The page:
6.      Bats are rodents: Myth.  Bats are small and furry, and many people think of them as “flying mice,” but studies have shown that bats are actually more closely related to primates than to rodents.  One common trait that many rodents share is their propensity to have large litters of babies.  On the other hand, most bats only have one baby per year.  And they invest a lot of energy into that one baby.  If you think that human pregnancy can be difficult, imagine being a bat – their babies weigh about one-third the weight of the mother.  If we were like bats, a 150-pound woman would give birth to a 50-pound baby!

 

7.      Bats make tequila: Reality.  Tequila is distilled from the juices of the agave plant, which grows in the western United States.  Long-nosed bats are nectar-feeding bats that also live in the western United States.  They use their long nose to lick up nectar from flowers, much like hummingbirds and butterflies.  And one of the main plants they feed on is agaves.  Indeed, long-nosed bats are the main pollinators of some species of agaves.  Without long-nosed bats to pollinate them, agaves might not survive, and humans might not have tequila!

 

Your Bat-I.Q. Score:

 

1 to 2 correct:  You bat-ter study up!

3 to 5 correct:  Not bat!  Not bat!

6 to 7 correct:  Bat-tastic!

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Want to fully enjoy the Solar Eclipse on August 21, 2016 … Do it safely by following the advice of vision professionals as you can read below.

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·                  Three Ways to Watch a Solar Eclipse Safely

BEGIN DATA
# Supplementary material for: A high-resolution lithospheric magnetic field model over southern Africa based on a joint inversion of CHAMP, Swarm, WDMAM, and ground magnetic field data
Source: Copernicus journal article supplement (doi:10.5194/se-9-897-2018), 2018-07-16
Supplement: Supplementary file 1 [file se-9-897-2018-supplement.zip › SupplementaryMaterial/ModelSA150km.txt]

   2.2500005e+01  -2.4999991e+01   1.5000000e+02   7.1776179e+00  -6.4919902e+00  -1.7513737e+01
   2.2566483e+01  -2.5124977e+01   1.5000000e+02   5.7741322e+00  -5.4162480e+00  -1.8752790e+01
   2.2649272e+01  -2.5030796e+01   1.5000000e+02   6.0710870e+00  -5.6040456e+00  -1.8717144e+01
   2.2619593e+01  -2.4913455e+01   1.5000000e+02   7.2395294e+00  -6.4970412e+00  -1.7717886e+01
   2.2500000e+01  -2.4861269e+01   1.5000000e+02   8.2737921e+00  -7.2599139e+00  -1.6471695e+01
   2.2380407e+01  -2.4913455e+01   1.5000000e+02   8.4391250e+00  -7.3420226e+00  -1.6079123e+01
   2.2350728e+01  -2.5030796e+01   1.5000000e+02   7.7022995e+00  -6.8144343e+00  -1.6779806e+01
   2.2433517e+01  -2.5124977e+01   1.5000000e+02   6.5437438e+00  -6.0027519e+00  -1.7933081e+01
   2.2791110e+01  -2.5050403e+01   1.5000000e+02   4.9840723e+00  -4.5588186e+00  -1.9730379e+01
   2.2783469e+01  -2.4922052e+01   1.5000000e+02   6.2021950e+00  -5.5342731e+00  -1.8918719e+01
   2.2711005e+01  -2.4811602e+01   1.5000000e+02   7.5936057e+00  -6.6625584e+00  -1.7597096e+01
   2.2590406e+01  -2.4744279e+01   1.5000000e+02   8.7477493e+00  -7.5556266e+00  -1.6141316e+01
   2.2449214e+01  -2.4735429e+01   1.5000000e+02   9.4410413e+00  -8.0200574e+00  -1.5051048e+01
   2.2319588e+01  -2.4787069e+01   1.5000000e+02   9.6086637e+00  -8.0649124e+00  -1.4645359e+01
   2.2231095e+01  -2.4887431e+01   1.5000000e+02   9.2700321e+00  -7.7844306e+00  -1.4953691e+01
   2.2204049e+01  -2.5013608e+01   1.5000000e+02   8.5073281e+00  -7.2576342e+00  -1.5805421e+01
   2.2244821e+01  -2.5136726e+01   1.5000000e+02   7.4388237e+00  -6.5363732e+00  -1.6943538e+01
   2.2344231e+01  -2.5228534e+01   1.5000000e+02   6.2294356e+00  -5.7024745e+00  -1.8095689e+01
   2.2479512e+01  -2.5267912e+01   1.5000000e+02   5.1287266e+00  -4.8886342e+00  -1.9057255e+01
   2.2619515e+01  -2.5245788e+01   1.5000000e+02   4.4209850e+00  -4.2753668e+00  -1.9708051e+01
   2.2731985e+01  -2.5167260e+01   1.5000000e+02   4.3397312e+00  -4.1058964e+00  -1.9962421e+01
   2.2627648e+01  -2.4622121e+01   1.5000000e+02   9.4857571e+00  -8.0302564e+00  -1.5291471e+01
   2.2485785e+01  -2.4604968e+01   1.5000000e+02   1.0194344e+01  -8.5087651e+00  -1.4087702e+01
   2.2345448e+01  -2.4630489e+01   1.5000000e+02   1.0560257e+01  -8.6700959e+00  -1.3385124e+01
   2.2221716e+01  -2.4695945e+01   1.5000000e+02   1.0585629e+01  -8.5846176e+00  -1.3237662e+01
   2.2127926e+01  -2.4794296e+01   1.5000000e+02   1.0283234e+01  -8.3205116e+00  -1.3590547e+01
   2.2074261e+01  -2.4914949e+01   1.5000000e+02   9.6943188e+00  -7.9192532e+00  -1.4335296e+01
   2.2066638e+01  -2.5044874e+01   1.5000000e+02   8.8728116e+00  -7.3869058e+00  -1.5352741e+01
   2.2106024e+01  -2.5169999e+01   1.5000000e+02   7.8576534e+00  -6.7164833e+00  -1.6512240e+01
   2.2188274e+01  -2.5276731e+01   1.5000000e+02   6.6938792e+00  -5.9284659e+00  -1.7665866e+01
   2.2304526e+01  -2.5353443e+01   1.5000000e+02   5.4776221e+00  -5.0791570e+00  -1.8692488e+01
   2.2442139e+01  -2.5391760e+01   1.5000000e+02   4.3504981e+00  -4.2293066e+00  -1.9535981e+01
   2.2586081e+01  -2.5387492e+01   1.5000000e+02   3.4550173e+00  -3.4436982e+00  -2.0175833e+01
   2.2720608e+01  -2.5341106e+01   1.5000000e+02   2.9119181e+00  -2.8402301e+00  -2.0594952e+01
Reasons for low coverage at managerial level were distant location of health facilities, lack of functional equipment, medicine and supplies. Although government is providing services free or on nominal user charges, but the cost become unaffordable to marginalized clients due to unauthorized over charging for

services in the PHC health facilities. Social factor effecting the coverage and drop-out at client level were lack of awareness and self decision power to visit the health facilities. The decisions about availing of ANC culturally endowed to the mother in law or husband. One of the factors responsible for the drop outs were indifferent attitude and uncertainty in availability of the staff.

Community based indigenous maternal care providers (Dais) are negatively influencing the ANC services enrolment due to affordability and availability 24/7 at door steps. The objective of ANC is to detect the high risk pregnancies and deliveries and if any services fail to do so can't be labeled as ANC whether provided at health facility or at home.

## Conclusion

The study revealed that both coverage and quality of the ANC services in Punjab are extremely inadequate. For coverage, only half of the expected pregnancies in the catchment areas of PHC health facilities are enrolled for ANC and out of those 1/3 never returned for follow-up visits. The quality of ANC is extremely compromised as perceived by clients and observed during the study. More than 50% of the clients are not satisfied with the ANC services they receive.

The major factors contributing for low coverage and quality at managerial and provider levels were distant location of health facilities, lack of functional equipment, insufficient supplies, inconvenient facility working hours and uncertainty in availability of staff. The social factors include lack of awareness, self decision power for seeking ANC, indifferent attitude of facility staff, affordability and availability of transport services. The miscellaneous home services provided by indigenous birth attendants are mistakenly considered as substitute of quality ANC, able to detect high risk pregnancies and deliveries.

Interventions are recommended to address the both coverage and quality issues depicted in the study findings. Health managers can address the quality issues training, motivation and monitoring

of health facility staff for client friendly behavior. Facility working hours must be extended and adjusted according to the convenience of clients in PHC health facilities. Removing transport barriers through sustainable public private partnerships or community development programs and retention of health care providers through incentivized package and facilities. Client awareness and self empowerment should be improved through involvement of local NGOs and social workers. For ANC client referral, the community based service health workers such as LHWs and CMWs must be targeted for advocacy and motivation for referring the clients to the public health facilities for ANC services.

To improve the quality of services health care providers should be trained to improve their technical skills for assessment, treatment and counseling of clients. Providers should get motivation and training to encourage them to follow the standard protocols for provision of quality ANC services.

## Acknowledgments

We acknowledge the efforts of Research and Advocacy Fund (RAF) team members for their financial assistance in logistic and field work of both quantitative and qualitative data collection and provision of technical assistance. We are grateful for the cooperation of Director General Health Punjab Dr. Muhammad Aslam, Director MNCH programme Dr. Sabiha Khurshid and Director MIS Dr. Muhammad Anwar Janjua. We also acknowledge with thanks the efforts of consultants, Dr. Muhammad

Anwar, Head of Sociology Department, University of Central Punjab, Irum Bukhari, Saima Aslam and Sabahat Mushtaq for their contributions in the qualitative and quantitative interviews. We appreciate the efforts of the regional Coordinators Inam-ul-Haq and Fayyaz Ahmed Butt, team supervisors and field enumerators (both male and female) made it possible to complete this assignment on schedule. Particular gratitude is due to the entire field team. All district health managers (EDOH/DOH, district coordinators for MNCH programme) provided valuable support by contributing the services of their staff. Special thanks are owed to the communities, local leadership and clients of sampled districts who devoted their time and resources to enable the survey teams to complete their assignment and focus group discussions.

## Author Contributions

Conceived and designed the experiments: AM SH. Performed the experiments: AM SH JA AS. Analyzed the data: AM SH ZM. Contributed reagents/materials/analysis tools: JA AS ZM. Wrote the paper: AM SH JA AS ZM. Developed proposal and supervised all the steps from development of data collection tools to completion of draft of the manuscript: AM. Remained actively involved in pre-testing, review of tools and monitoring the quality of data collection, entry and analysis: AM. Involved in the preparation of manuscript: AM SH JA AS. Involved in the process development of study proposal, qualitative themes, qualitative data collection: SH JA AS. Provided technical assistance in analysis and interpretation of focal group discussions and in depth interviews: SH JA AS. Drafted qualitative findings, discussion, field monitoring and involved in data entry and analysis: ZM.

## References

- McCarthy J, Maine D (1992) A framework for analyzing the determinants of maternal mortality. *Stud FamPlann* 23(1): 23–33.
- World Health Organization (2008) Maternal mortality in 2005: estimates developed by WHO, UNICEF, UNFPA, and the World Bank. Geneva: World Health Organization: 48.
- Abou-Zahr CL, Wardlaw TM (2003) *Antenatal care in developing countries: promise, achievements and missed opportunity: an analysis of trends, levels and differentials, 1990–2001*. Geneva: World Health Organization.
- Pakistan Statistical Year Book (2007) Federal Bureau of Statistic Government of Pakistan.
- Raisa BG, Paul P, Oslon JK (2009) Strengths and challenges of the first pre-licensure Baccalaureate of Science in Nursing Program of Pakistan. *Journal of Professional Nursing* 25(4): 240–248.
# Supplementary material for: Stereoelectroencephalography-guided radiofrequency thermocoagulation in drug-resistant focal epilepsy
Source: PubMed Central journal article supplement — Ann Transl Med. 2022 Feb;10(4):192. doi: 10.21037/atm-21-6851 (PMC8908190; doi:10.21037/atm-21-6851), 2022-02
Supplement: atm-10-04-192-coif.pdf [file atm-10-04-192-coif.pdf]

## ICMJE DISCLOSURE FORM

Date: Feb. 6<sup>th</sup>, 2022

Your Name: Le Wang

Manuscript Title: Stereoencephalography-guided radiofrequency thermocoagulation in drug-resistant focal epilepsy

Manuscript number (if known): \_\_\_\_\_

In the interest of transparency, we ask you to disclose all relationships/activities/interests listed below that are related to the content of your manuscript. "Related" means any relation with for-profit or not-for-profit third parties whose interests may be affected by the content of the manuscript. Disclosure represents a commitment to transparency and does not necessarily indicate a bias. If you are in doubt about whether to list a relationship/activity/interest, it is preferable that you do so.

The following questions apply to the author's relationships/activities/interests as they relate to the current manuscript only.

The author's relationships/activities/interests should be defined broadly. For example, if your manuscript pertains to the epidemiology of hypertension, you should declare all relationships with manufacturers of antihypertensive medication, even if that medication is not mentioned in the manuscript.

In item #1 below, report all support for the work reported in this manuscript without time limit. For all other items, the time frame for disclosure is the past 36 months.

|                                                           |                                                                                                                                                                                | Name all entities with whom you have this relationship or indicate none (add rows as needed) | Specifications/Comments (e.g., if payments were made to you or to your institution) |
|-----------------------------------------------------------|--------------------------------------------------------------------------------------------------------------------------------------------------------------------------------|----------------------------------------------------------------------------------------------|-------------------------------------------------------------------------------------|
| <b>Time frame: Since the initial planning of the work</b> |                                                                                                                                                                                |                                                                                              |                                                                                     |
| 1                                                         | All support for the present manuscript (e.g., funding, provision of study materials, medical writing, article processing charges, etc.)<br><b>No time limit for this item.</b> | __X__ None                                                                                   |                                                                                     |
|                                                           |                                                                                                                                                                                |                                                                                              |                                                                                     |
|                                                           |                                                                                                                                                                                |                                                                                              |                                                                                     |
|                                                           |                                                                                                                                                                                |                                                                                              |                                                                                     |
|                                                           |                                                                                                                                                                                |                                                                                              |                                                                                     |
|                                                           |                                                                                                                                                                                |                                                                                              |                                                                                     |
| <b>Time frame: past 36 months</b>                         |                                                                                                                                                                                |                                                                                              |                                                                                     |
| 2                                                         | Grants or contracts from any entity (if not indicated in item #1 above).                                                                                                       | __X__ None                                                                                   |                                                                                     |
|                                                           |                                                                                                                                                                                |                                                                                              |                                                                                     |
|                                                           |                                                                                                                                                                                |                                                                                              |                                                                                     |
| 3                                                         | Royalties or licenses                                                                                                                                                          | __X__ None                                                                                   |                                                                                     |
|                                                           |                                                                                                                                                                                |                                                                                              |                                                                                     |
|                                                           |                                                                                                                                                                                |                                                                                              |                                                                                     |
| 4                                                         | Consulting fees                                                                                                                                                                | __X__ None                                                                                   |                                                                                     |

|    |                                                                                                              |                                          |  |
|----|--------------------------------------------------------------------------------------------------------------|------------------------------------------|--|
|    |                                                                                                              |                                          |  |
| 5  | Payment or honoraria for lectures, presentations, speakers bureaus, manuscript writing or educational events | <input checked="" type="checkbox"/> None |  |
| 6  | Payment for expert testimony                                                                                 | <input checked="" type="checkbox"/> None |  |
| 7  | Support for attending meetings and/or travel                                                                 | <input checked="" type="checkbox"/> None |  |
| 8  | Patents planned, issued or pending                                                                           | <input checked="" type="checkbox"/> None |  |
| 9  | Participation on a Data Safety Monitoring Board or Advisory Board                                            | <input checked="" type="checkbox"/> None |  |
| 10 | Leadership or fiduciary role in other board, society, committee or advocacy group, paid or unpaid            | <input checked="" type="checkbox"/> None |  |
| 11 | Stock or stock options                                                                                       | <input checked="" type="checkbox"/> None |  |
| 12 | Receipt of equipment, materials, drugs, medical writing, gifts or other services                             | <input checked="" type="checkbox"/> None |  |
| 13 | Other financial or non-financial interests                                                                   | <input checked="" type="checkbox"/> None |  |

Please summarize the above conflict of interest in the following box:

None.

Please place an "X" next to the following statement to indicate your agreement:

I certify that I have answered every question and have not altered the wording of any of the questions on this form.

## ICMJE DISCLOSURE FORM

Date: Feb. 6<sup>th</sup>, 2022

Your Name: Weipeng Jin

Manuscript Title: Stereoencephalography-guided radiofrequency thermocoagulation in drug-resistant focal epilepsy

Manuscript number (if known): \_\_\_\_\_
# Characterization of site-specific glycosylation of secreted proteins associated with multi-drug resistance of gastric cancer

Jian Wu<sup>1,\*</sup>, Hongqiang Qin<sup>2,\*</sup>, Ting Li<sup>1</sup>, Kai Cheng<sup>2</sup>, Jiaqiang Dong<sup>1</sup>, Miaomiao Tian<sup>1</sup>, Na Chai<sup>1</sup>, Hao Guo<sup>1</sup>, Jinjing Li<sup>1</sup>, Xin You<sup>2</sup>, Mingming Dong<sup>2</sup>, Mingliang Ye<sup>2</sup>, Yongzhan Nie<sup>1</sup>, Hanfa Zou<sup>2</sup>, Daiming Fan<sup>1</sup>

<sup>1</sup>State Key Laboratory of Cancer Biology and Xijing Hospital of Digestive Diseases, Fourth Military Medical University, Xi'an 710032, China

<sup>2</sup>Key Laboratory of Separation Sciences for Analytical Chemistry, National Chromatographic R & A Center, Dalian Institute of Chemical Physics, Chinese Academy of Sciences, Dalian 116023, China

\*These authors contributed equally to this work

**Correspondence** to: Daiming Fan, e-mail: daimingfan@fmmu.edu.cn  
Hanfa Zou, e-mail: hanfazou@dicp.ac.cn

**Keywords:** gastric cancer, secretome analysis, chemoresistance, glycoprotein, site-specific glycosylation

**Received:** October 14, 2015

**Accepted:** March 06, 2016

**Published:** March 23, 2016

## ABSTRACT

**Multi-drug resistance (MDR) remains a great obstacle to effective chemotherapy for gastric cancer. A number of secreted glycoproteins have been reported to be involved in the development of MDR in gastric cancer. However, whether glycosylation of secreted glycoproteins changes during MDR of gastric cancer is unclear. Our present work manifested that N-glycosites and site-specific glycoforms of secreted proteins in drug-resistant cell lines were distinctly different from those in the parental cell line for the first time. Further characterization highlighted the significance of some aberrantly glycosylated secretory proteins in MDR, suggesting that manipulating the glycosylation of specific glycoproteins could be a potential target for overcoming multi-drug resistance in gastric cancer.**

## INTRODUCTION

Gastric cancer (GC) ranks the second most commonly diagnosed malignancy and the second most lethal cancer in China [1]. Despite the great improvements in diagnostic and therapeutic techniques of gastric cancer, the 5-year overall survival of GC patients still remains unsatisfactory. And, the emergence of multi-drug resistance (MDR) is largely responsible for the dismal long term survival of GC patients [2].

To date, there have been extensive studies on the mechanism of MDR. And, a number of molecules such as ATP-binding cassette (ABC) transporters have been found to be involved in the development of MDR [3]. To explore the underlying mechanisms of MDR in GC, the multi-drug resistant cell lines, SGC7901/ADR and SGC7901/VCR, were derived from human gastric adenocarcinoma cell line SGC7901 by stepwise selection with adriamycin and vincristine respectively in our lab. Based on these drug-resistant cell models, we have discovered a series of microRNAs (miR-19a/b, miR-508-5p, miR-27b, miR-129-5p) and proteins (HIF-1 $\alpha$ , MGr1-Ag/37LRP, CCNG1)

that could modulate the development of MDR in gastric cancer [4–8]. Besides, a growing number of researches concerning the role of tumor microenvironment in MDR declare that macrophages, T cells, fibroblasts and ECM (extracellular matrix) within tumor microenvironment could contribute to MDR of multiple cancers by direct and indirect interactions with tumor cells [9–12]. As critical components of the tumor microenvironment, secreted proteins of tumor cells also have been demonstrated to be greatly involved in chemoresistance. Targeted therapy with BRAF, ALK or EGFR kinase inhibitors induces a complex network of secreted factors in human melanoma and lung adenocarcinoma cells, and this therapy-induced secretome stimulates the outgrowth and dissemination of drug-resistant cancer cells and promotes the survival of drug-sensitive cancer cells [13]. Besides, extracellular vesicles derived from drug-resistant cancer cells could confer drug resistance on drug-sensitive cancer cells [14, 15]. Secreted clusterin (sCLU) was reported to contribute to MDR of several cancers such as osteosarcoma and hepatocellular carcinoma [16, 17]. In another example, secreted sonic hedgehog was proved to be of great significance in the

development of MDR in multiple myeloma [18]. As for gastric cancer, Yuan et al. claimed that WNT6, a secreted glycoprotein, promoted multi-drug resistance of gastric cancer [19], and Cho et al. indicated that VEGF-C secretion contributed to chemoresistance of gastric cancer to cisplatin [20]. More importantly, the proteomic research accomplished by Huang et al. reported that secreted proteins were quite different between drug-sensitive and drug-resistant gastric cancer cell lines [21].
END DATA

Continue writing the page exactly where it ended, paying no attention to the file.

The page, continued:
Looking at a solar eclipse may be exciting but it’s also a threat to your eyes. Looking directly at a solar eclipse is as dangerous as staring at the unblocked sun and can cause damage to the retina, the light-sensitive nerve layer at the back of the eye. The damage affects the macula, the part of the retina responsible for fine central vision.

Many people think they can protect their eyes by looking through filtered binoculars, sunglasses, neutral density filters, or exposed photographic or radiographic film. However, a retinal burn can occur in spite of all these barriers. In a 1970 solar eclipse in the eastern United States, 145 retinal burns were reported. Forty percent of the injured patients were using protective filters. Parents should caution children not to look directly at the sun. Children are more tempted to watch an eclipse and the damage is usually more severe because the child’s natural lens is so clear that it lets more ultraviolet (UV) rays reach the back of the eye.

The good news is, there’s a safe way to view an eclipse. Here are three options:

o    Attend a display at a planetarium or university astronomy department, where optical instruments are used to project an image of the eclipse from a telescope to a screen for safe viewing.

o    Watch the eclipse on television.

o    Use the simple pinhole camera: Take two sheets of plain white paper. Make a pinhole in the center of one of the pieces. Then stand with your back to the sun and hold the sheet with the pinhole in front, so that the sun shines through the pinhole and onto the other sheet of paper. An image of the eclipse will be projected onto this second sheet. It is amazing how well you can observe a solar eclipse with this simple device.

Guidance from the American Academy of Ophthalmology (Physicians who specialize in optical health)

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The Interpretive staff at the Woodlands Nature Station, the Golden Pond Planetarium and Observatory, as well as the Homeplace Working Farm and Agricultural Museum are studying and working to develop content which can be helpful to each of you. Visit this page for links to enriching and instructional materials you can use during this difficult time.